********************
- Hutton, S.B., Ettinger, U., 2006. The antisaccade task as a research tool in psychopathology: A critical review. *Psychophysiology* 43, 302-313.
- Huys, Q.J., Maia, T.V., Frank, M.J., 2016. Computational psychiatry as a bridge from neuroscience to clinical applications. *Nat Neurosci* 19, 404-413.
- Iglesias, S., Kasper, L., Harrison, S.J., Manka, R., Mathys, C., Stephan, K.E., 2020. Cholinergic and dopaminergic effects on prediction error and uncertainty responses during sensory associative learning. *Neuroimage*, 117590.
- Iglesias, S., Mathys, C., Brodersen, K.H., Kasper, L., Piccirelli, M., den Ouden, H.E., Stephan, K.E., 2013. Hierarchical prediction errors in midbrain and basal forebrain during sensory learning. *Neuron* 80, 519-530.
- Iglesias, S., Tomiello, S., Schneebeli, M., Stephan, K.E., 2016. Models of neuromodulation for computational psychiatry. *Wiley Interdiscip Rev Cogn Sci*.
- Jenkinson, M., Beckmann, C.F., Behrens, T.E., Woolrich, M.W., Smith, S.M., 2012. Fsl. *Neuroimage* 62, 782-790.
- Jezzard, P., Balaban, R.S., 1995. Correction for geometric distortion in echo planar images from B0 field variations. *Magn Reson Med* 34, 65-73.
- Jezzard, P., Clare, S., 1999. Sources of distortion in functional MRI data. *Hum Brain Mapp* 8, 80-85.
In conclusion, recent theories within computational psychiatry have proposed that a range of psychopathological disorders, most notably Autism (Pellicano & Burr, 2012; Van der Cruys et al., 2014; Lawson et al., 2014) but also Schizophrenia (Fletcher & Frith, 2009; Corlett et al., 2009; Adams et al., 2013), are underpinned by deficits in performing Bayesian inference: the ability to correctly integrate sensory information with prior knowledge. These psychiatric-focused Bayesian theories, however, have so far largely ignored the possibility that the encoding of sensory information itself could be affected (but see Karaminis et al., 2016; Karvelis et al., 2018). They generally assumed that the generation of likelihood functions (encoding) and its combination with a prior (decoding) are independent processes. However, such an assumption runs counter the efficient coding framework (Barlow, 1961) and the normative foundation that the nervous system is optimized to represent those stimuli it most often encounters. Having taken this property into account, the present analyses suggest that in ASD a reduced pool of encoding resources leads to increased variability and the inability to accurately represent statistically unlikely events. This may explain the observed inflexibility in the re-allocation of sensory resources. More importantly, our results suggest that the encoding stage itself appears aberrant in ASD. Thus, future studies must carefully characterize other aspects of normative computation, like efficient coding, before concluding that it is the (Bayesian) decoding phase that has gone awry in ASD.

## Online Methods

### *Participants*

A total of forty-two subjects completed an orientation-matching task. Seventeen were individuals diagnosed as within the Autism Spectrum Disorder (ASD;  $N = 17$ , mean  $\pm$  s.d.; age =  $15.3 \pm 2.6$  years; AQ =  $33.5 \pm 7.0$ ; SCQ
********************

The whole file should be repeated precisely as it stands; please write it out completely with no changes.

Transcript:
- Hutton, S.B., Ettinger, U., 2006. The antisaccade task as a research tool in psychopathology: A critical review. *Psychophysiology* 43, 302-313.
- Huys, Q.J., Maia, T.V., Frank, M.J., 2016. Computational psychiatry as a bridge from neuroscience to clinical applications. *Nat Neurosci* 19, 404-413.
- Iglesias, S., Kasper, L., Harrison, S.J., Manka, R., Mathys, C., Stephan, K.E., 2020. Cholinergic and dopaminergic effects on prediction error and uncertainty responses during sensory associative learning. *Neuroimage*, 117590.
- Iglesias, S., Mathys, C., Brodersen, K.H., Kasper, L., Piccirelli, M., den Ouden, H.E., Stephan, K.E., 2013. Hierarchical prediction errors in midbrain and basal forebrain during sensory learning. *Neuron* 80, 519-530.
- Iglesias, S., Tomiello, S., Schneebeli, M., Stephan, K.E., 2016. Models of neuromodulation for computational psychiatry. *Wiley Interdiscip Rev Cogn Sci*.
- Jenkinson, M., Beckmann, C.F., Behrens, T.E., Woolrich, M.W., Smith, S.M., 2012. Fsl. *Neuroimage* 62, 782-790.
- Jezzard, P., Balaban, R.S., 1995. Correction for geometric distortion in echo planar images from B0 field variations. *Magn Reson Med* 34, 65-73.
- Jezzard, P., Clare, S., 1999. Sources of distortion in functional MRI data. *Hum Brain Mapp* 8, 80-85.
In conclusion, recent theories within computational psychiatry have proposed that a range of psychopathological disorders, most notably Autism (Pellicano & Burr, 2012; Van der Cruys et al., 2014; Lawson et al., 2014) but also Schizophrenia (Fletcher & Frith, 2009; Corlett et al., 2009; Adams et al., 2013), are underpinned by deficits in performing Bayesian inference: the ability to correctly integrate sensory information with prior knowledge. These psychiatric-focused Bayesian theories, however, have so far largely ignored the possibility that the encoding of sensory information itself could be affected (but see Karaminis et al., 2016; Karvelis et al., 2018). They generally assumed that the generation of likelihood functions (encoding) and its combination with a prior (decoding) are independent processes. However, such an assumption runs counter the efficient coding framework (Barlow, 1961) and the normative foundation that the nervous system is optimized to represent those stimuli it most often encounters. Having taken this property into account, the present analyses suggest that in ASD a reduced pool of encoding resources leads to increased variability and the inability to accurately represent statistically unlikely events. This may explain the observed inflexibility in the re-allocation of sensory resources. More importantly, our results suggest that the encoding stage itself appears aberrant in ASD. Thus, future studies must carefully characterize other aspects of normative computation, like efficient coding, before concluding that it is the (Bayesian) decoding phase that has gone awry in ASD.

## Online Methods

### *Participants*

A total of forty-two subjects completed an orientation-matching task. Seventeen were individuals diagnosed as within the Autism Spectrum Disorder (ASD;  $N = 17$ , mean  $\pm$  s.d.; age =  $15.3 \pm 2.6$  years; AQ =  $33.5 \pm 7.0$ ; SCQ